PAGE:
Tim is a project co-ordinator with the “Peak into the Past“ local history organisation and gave an interesting talk on a rather unusual topic. Normally, you would expect a talk on the history of the Peak District to be concerned with mining, canals, mills and archaeology, but this was about the life and crimes of an elderly woman who was an habitual criminal within the Derbyshire and Nottinghamshire area.
The woman was Annie Burke, also known as Annie Monks, but she had many other aliases and was described variously as a hawker, beggar, itinerant and vagrant. Details of her life are shrouded in mystery because she had numerous aliases. She led a nomadic life and was an accomplished liar able to spin the most heart-breaking yarns for sympathy. She was born in Oldham in 1843. Or was it Hunslet, Leeds, in 1851? Or 1853? Prison records were hazy to say the least. What made her stand out in the criminal fraternity of the time was that she was female and elderly, which was not the norm.
She was married in 1879 to a George Monks and they had eight children, four of whom died probably when young. They lived in slum dwellings in the Narrow Marsh area of Nottingham, which was dangerous and rife with disease. The marriage was not happy with both husband and wife appearing in court on various assault charges against each other. The children were taken into care. Perhaps, this is when Annie became a vagrant, living by her wits in a chaotic lifestyle.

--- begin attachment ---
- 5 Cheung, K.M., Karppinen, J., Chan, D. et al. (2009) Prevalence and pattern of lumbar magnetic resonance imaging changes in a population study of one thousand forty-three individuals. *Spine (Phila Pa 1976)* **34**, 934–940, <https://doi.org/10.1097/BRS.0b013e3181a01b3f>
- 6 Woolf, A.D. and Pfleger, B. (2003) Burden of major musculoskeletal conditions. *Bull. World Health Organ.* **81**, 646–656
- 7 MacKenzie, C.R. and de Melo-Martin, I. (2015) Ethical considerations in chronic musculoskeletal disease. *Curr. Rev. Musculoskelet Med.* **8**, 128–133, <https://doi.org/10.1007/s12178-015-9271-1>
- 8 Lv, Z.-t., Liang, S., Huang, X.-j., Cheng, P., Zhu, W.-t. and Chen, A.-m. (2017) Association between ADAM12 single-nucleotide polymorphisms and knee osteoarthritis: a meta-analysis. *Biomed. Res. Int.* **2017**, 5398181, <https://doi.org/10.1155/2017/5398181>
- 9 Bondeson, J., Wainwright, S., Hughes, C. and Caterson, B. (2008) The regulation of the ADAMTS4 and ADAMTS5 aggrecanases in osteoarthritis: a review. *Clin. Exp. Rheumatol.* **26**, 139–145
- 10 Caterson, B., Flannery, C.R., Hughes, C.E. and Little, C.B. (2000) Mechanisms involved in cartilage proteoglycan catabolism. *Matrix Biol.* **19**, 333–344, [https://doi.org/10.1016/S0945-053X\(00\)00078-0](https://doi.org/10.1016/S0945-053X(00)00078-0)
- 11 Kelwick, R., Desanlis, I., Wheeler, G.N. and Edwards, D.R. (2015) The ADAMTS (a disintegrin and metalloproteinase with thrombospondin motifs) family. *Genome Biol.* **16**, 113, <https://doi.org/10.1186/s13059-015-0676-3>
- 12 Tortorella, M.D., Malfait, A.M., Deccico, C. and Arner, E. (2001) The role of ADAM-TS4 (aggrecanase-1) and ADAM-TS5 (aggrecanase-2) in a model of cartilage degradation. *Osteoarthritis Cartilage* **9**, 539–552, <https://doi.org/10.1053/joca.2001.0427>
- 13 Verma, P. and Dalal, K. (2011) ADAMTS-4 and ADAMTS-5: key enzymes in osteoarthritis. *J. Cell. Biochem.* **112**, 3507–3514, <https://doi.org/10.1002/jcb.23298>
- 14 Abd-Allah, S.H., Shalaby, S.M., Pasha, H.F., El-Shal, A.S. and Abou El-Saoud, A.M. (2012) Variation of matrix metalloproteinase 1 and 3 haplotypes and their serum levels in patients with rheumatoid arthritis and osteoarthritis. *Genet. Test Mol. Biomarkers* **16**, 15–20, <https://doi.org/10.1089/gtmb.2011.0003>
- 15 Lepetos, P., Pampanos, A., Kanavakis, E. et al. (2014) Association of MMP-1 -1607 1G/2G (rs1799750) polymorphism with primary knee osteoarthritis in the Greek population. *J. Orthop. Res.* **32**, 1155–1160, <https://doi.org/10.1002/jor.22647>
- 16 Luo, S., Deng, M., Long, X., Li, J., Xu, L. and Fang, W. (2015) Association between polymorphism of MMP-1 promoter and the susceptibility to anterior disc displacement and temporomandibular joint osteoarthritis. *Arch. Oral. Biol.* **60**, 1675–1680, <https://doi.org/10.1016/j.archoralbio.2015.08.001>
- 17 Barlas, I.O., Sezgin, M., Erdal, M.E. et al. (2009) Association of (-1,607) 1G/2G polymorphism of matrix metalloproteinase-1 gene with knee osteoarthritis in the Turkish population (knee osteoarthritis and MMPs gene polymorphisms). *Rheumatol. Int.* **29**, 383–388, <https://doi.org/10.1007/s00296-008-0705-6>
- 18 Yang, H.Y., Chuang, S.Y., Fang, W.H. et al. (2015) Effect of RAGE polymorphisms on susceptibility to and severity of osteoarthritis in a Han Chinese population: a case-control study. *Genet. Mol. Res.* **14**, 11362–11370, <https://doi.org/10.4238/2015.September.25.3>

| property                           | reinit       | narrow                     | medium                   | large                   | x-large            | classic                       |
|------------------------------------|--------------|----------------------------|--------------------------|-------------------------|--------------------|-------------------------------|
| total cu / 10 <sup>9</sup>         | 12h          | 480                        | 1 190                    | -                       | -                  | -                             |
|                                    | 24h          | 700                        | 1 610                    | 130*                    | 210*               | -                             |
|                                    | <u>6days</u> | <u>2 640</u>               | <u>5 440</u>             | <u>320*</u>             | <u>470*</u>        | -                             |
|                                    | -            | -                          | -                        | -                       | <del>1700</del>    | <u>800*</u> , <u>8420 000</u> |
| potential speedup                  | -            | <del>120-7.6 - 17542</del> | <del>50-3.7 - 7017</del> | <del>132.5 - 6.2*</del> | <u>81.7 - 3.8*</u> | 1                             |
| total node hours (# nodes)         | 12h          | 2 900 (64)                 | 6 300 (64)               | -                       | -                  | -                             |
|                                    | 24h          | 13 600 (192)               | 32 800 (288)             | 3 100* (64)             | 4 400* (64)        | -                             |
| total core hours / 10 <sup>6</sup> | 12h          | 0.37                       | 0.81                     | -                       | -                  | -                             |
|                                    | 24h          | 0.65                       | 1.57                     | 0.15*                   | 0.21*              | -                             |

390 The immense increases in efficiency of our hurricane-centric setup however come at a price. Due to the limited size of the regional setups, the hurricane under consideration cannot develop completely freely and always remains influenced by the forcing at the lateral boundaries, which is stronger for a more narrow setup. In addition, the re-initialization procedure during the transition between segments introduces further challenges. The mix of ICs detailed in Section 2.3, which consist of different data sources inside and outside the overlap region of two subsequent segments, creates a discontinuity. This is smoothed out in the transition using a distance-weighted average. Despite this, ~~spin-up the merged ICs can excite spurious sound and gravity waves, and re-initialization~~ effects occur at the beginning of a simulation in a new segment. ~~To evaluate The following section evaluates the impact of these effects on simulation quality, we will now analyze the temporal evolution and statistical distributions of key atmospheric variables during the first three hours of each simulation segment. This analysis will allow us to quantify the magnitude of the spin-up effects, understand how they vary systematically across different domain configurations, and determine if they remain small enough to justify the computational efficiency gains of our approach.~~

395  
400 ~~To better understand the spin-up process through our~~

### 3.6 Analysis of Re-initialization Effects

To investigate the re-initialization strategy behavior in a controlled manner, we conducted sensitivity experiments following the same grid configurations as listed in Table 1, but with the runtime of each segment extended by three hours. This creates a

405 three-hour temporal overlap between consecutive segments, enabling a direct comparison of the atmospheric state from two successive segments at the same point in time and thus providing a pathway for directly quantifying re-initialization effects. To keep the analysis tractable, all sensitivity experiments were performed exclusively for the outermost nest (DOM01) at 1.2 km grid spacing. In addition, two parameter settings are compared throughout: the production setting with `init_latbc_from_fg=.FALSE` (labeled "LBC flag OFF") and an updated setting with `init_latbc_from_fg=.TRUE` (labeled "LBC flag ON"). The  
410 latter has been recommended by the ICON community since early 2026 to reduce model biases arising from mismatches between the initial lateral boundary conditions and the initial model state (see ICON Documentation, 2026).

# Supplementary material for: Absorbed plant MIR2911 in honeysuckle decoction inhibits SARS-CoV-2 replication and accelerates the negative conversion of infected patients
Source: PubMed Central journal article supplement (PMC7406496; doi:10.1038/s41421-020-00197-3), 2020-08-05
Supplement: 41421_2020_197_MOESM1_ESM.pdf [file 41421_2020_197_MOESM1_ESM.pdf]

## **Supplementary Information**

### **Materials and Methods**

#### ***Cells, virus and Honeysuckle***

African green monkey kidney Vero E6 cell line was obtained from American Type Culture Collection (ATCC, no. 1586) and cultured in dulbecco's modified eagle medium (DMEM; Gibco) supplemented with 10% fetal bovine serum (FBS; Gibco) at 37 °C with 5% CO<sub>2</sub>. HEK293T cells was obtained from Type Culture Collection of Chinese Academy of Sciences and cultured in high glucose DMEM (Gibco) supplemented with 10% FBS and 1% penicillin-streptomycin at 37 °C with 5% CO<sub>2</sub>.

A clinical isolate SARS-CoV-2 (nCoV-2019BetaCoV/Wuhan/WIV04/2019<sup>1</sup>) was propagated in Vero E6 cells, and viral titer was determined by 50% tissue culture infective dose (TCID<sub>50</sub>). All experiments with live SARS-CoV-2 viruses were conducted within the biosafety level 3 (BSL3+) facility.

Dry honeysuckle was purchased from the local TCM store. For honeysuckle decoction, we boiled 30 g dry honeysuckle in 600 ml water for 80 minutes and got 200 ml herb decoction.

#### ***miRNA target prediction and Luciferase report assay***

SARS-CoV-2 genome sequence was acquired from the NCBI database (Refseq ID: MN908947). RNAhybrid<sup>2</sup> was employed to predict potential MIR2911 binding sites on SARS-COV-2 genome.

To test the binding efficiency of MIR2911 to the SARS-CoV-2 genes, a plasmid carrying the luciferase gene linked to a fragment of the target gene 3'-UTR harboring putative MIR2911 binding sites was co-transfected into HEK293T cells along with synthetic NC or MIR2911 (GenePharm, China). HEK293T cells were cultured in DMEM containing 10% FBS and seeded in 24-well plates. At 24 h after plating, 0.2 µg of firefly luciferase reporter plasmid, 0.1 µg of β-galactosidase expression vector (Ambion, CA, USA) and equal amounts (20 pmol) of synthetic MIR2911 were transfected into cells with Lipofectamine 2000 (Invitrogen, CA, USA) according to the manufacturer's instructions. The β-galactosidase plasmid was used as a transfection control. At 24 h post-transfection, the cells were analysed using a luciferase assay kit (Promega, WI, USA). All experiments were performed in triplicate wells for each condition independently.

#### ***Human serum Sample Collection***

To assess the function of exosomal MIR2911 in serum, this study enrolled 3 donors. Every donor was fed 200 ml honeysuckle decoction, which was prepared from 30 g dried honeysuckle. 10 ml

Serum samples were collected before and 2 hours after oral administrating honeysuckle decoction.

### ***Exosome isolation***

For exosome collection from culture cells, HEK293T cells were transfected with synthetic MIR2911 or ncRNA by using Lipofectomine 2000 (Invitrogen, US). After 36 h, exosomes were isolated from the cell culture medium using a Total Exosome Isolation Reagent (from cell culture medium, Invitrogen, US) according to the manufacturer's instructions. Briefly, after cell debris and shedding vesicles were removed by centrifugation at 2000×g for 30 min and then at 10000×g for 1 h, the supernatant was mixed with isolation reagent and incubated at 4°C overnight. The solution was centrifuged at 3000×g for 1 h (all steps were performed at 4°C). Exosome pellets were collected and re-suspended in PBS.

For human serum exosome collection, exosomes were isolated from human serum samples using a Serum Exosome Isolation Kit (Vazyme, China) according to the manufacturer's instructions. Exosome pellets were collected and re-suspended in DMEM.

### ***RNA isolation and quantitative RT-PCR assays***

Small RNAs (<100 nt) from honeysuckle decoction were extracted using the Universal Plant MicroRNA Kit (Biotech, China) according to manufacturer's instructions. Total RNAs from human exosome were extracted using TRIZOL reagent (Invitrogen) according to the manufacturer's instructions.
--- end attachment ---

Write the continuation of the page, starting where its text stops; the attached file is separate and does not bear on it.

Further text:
Her pattern of criminal activity was mainly to call on large country houses and vicarages and spin the story of her pitiful plight which invariably involved the fate of her husband, children or any other relative which could pull the heart strings. Good natured householders or servants would give her clothes, food and money but she would take the opportunity to scan the house and grounds and steal anything of worth. In modern criminal parlance she often distracted the victims to select the loot. Also, she would ask for the loan of clothing for a special occasion like a funeral or christening, but the clothes were never returned. Invariably, she would sell the stolen goods in public houses for money which was spent on food or drink .
Clearly, Annie liked her drink which would result in many convictions for brawling and assault. Her defence in court was often “I was very drunk and don’t remember anything.” Her stealing and lies invariably resulted in convictions with hard labour in prison. It was noticeable that many of the convictions were for the theft of small items like a carpet, a basket of clothes, a bottle of beer and table clothes. Compare that with sentencing today! At one court appearance she explained to the judge that she had 65 convictions and was going for the century. She led a chaotic life and one wonders if her regular spells in prison gave her some form of structure with shelter, food and discipline despite the prospect of hard labour.
Tim was asked why he chose to study the life and crimes of Annie Burke (Monks) and replied that when researching prison records he was amazed at the shear number of convictions she had amassed and was intrigued to know more about her. He came to have a sneaking regard for her and, although she was a criminal with many victims, she was feisty, hardy and resourceful. She was a survivor, although there seems to be no record of her whereabouts after 1915, or of her death. Certainly, Annie Burke led a sad, chaotic life and she would never have imagined that her life would have been researched and presented to the gentle folk of Stumperlowe Probus Club in 2019.